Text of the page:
The global cloud computing market is becoming essential to power the digital economy, and is expected to grow from around USD500 billion in 2021 to almost USD1 trillion by 2026. The majority of developing countries now lack adequate infrastructure and are forced to send their data overseas, typically incurring very high costs. This creates investment opportunities, including the development of regional hubs in small countries that do not have the scale economies to develop such infrastructure.

An additional effect of increasing digitalization is the growing energy footprint of digital infrastructure, with digital economy emissions expected to grow. This challenge will drive investment opportunities to green infrastructure and minimize or even reduce emissions per megabyte of new and existing assets. Investment in shared digital infrastructure (e.g. assets like mobile towers and fiber-optic cables that are used by multiple service providers) reduces physical investment, avoids asset duplication, and leads to emissions savings; while sustainable data centers increase energy efficiency.

Investment in digital platforms will continue to grow, driven by fintech, digital adoption by businesses and by the rise of the digital urban consumer

The post-COVID world has witnessed a global surge in investment in startups, with venture funding worldwide reaching over USD600 billion in 2021. Emerging markets are now getting a bigger slice of this: over USD20 billion of Venture Capital went into Latin America in 2021 (nearly four times as much as in 2019) and African startups raised over USD4 billion in 2021 (2.5 times more than in the previous year).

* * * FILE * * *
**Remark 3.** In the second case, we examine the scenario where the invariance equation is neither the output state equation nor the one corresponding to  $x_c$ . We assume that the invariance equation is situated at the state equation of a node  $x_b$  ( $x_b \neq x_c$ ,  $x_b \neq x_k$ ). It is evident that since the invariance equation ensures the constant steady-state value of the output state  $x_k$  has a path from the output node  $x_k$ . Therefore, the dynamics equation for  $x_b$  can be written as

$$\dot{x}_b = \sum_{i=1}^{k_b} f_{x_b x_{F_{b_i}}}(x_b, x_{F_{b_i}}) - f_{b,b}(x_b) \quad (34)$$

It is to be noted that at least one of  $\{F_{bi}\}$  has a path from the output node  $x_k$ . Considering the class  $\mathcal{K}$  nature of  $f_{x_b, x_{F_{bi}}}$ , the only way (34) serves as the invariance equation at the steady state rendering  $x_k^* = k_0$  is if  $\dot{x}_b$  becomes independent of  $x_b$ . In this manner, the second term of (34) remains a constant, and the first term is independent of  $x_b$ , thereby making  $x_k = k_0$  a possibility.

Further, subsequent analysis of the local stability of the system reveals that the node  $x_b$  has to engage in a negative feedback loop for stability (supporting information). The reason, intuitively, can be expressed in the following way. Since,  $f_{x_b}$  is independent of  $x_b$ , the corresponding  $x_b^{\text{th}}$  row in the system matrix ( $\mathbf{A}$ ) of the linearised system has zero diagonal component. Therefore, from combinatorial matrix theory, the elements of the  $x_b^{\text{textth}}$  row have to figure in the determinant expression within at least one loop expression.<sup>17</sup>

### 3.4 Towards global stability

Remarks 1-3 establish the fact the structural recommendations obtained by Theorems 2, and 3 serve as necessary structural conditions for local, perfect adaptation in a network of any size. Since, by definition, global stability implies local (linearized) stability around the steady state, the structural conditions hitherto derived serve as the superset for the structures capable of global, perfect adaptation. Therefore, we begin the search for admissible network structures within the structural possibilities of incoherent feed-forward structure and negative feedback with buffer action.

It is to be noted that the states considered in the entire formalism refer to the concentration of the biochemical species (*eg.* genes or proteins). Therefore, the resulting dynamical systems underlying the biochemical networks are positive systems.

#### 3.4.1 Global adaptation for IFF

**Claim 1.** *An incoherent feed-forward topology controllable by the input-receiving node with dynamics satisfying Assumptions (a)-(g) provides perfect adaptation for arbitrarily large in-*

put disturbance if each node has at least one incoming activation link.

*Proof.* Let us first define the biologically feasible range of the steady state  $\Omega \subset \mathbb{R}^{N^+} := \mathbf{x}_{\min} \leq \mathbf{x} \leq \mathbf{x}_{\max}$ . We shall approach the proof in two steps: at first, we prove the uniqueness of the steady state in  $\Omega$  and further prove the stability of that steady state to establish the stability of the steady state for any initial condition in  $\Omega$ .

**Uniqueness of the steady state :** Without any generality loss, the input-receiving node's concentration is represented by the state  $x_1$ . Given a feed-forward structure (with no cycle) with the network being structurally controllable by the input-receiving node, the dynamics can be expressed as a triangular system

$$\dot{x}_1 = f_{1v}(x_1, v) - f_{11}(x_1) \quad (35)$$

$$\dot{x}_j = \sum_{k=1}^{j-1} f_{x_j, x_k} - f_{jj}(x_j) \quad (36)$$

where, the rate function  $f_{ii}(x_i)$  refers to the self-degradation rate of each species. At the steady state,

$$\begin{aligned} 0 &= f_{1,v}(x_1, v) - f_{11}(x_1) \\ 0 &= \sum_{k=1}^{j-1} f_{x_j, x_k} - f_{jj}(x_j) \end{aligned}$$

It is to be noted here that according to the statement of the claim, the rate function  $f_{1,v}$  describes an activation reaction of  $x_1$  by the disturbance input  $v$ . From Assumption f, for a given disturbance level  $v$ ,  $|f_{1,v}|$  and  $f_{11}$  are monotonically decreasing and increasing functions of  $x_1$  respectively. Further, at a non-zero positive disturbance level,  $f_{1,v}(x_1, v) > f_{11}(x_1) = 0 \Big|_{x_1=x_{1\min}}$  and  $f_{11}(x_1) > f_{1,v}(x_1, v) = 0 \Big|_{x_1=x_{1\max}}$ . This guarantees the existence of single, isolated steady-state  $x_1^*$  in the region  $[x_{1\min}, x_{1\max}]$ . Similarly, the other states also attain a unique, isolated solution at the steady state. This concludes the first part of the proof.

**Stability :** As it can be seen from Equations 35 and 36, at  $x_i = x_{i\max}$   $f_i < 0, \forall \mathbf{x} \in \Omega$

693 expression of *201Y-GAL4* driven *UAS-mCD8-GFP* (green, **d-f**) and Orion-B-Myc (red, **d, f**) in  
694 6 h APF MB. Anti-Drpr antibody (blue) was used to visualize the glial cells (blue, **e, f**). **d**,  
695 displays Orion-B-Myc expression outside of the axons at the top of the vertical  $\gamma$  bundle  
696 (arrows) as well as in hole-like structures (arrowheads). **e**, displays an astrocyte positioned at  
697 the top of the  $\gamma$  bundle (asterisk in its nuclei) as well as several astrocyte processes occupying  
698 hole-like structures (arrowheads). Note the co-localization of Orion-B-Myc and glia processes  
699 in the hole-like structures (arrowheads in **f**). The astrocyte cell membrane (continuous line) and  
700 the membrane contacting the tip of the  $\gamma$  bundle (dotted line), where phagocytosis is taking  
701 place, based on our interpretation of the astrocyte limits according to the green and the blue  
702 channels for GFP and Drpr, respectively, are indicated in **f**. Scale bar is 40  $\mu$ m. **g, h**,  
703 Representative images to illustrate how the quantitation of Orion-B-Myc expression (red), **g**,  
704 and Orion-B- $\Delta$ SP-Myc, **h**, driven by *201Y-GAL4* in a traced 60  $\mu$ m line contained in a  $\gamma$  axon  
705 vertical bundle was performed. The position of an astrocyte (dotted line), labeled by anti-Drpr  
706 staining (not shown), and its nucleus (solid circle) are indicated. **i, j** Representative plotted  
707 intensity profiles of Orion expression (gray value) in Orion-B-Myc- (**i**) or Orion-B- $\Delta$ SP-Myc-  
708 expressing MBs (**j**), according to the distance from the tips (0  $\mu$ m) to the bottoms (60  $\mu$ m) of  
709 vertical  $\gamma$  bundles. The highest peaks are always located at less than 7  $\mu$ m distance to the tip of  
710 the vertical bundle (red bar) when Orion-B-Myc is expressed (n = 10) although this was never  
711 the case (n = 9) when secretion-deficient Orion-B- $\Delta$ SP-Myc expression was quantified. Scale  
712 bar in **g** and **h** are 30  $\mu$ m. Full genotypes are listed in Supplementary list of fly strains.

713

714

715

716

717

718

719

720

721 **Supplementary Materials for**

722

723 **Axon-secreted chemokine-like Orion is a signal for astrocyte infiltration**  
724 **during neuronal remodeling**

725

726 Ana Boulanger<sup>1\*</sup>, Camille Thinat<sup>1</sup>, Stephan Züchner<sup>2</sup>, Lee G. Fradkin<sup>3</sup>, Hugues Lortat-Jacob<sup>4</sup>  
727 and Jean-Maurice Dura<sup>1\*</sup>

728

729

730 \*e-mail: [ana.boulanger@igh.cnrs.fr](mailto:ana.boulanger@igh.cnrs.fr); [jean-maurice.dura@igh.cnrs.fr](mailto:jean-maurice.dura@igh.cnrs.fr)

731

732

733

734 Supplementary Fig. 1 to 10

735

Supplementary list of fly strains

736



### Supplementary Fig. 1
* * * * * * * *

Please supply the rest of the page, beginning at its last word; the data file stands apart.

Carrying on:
The demand for business models that expand access, bring down prices and respond to new challenges will only increase as the economy moves away from the post Covid era. Greater levels of tech absorption as companies seek to digitize certain parts of their operations will also spur new business solutions. Digital financial services will continue to establish themselves as central to a functioning digital economy, and fintech investment will accelerate.

Governments can play a key role in boosting investment in digital platforms. Creating ‘digital stacks’ that connect digital identity to financial transaction can unlock e-commerce and e-services. Open data access policies together with the standardization and interoperability of data platforms can accelerate cloud services. Supporting local digital entrepreneurship can drive more investment to local tech solutions. For example, matching private sector financing with government funds and leveraging local pension funds can create a local venture capital ecosystem.

In a post-Covid world, there is an immense opportunity for private investors to capitalize on the momentum towards digital connectivity and for governments to enable and support these investments through the right mix of market reforms, such as addressing existing bottlenecks and ensuring that the business environment is conducive to private investment. Together, they can help deliver better and more affordable digital infrastructure to the developing world.

About the Author

Davide Strusani – Principal economist, TMT, Disruptive Technology and Funds, International Finance Corporation. At the IFC, Davide leads the economics team that focuses on telecoms, technology, digital services, venture and equity fund investing. As part of its role, Davide’s team assesses the development impacts of investments made by IFC in these industries and undertakes economic research to inform the development of private sector market in developing economies.